Cereal is arguably one of the most consistent foods in American life. We’re raised on the stuff—from palming Cheerios as toddlers to slurping down a bowl before school, the breakfast staple is at once both versatile and dependable. The milk-spoon-bowl practice is instilled in us early on, and apparently, it’s a habit that lasts: this year, over 280 million Americans answered that, yes, they do eat breakfast cereal.
Brands have harnessed our infatuation, and as a result, there is no shortage of options when exploring the cereal aisle. As of 2012, it was estimated that there were almost 5,000 different kinds on the market. From those marketed as healthy to those that don’t even attempt (looking at you, Oreo O’s), there’s truly a cereal for everyone in today’s consumer world.
But what are we really buying, when we toss a box in the cart? Cereal might be a mainstay, but when we scoop it down in the morning, how is it actually affecting our body throughout the day? We did some digging and determined the lesser-known side effects of eating cereal. Read on to learn more about your morning habit, and for even more healthy tips, be sure to check out our list of The 7 Healthiest Foods to Eat Right Now.
Cereal delivers some key nutrients.
Lauren Harris-Pincus, MS, RDN, author of The Protein-Packed Breakfast Club, referenced studies from the Centers for Disease Control and Prevention (CDC) and the National Health and Nutrition Examination Survey Data, among others, when explaining that there actually are key nutrients lurking in your cereal bowl. Not only does the breakfast deliver on whole grains and fiber, but it also weaves folate, iron, zinc, vitamin A and B vitamins into a person’s diet.
However, while there are some cereals on the shelves that can provide a few key nutrients into your diet (including calcium and vitamin D if you eat cereal with milk), it’s important to look for the right types of cereals that are high in fiber, versus being high in added sugars.
“When you are purchasing cereal, aim for at least 3 grams of fiber on the nutrition facts label and look for whole grains in the ingredients list,” says Ashley Larsen, RD.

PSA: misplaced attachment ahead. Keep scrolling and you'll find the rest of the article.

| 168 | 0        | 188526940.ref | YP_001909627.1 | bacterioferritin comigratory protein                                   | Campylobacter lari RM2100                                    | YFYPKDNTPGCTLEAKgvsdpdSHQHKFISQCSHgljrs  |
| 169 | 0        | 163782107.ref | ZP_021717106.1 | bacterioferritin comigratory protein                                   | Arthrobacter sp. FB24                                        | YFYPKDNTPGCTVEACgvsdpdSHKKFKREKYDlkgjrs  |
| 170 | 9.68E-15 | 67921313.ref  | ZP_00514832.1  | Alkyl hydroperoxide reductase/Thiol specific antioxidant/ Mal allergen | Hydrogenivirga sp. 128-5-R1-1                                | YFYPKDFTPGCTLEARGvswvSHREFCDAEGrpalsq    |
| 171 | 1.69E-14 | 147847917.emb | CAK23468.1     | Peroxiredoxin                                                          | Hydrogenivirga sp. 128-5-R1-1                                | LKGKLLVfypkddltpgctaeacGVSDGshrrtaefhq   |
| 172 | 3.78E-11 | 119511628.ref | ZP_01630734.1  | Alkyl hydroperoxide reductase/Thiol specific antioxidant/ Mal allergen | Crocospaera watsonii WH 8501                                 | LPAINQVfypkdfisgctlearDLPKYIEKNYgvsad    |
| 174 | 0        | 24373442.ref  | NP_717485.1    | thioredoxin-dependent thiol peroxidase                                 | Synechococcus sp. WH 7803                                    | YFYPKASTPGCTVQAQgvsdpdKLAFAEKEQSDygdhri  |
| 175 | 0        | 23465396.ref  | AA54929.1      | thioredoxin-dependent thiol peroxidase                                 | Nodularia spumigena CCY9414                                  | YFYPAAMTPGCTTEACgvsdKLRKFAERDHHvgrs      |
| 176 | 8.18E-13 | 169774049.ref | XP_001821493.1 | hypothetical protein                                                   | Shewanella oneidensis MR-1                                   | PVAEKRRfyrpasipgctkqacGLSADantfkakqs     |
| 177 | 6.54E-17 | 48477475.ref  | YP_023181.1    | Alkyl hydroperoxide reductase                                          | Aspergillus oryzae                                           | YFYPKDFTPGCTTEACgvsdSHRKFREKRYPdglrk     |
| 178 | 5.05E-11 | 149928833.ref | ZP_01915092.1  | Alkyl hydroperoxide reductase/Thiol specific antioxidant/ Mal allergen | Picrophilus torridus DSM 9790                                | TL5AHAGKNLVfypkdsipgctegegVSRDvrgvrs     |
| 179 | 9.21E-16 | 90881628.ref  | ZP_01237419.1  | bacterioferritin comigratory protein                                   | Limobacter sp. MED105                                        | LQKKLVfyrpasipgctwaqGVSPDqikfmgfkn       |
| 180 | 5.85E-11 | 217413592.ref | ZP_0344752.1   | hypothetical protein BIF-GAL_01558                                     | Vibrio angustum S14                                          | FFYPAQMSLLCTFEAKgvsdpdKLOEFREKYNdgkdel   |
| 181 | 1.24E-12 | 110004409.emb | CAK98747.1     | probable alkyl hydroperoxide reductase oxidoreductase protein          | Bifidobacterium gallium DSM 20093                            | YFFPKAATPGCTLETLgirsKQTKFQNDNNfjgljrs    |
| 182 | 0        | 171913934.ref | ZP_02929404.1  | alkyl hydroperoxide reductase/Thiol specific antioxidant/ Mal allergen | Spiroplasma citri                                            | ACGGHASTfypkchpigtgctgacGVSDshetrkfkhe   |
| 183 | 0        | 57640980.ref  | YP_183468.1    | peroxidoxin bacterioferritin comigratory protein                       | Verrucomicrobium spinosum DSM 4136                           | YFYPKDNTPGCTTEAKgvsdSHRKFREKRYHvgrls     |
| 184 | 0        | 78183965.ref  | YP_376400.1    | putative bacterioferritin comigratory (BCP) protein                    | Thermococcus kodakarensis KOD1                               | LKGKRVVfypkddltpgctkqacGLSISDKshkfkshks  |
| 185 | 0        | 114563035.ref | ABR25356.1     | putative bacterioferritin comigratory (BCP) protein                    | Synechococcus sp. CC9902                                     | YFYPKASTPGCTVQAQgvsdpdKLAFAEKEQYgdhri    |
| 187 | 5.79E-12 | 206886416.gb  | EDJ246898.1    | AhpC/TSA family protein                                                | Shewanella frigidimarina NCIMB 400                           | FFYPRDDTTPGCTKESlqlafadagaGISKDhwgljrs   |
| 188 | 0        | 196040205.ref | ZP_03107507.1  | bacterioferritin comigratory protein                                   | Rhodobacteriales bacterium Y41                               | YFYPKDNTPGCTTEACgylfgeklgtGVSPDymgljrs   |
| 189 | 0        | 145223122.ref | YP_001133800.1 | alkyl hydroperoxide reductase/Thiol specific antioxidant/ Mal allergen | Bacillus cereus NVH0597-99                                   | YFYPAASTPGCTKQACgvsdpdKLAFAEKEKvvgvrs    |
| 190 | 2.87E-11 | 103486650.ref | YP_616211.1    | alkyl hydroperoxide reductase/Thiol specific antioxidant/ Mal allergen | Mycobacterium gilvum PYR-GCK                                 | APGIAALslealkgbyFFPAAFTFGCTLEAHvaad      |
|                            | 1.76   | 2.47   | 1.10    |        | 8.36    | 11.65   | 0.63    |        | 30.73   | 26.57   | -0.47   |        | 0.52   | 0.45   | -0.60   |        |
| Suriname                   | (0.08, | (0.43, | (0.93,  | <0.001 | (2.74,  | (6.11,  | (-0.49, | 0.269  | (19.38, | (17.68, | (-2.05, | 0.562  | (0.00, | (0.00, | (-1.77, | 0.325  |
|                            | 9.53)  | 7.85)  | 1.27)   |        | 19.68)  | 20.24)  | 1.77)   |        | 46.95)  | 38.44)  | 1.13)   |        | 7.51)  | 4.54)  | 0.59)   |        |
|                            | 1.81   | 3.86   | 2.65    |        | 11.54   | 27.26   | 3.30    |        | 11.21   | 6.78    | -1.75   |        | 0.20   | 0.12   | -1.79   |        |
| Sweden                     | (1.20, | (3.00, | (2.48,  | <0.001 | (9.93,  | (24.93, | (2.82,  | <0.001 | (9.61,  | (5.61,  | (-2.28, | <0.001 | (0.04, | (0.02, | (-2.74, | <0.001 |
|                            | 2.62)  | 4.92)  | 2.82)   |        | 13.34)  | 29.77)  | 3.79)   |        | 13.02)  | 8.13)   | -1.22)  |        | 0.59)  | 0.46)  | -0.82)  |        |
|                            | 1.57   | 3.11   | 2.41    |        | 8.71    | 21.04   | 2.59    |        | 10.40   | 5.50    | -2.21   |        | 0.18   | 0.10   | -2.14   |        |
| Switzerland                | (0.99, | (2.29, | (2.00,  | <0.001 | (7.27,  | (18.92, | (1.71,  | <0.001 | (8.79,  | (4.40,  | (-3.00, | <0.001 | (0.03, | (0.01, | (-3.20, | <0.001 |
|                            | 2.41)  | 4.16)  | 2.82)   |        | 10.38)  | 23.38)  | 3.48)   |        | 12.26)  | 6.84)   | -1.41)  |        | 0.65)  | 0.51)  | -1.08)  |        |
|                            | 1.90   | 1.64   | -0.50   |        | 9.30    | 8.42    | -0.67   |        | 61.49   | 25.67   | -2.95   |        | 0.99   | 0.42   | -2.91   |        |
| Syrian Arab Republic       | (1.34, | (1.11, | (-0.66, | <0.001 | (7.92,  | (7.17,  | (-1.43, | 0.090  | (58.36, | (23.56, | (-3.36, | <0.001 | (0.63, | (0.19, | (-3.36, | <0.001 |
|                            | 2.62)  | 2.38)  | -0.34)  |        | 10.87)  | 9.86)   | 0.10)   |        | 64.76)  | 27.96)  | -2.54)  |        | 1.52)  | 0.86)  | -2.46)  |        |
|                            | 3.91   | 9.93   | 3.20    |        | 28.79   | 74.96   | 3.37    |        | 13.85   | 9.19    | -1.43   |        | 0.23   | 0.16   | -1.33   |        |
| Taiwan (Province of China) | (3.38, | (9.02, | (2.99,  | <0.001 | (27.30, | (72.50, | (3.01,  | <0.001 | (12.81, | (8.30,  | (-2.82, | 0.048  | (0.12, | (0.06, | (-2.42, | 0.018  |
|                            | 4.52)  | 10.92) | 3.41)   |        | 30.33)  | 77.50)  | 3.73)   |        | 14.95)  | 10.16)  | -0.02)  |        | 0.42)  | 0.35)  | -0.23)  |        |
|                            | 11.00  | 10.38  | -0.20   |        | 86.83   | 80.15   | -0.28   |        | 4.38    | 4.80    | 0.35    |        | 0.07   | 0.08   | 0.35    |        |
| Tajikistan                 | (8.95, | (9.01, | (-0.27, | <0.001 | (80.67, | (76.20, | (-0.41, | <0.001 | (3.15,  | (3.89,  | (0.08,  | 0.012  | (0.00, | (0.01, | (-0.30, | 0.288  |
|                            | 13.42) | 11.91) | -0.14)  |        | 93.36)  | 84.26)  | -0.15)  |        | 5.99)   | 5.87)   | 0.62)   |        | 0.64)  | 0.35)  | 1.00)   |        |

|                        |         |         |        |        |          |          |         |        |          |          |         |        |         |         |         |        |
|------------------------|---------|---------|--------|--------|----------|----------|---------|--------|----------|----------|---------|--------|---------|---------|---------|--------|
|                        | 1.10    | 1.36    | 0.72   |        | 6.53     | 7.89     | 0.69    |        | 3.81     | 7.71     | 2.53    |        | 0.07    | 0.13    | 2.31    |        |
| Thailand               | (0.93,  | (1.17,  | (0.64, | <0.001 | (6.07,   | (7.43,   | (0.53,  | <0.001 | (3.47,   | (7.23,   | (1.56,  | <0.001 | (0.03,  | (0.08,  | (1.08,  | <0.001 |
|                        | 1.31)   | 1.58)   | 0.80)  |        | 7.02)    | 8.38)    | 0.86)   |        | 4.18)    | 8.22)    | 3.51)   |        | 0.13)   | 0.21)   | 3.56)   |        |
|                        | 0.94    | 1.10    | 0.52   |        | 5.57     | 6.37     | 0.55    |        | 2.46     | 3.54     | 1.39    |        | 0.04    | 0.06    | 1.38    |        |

But nutrient overload is possible.
In the dash to maintain a customer base as society skews ever-healthier, and amidst growing evidence that cereal isn’t all that good for you, many brands have opted to add nutrients to their cereals. You’ve seen this on the outside of boxes—”original antioxidants,” it might read, or “with vitamins!”
While this feels like a promising addition to your morning meal, a study published by Environmental Working Group (EWG) found that these added minerals can be risky, especially for kids. Over-consuming vitamins, the study surmises, can result in any number of ailments, from the simple, like skin reactions, to the more severe: liver damage, anemia, and even osteoporosis.
Cereal may contribute to obesity.
This is not news, especially after you peek at our list of unhealthiest cereals, but the childhood obesity risk is one of the most concerning side effects of cereal. Often, the least nutritious cereals are marketed to kids—we’re talking serving sizes that contain more than 20% of a person’s daily value—and have lasting health implications.
Larsen cited a review of dietary patterns in children that presents a clear correlation between obesity and diets that are high in processed grains and sugar. She explained, “as a dietitian, I suggest choosing a cereal that is lower in added sugar (less than 5% Daily Value) and adding sliced fruit to add flavor and color.”
You could end up having a harder day at work.
We’re all familiar with the dreaded 3 p.m. crash, but according to a study published by the Journal of Physiology, your bowl of cereal in the morning could be not only worsening that energy dip, but also slowing down your thinking.
There is a connection, the study found, between sugary, unhealthy foods and poor cognitive function. Feeling brain fog? Try swapping that cereal for a lower-sugar brand (or maybe even breakfast superfood, oatmeal).
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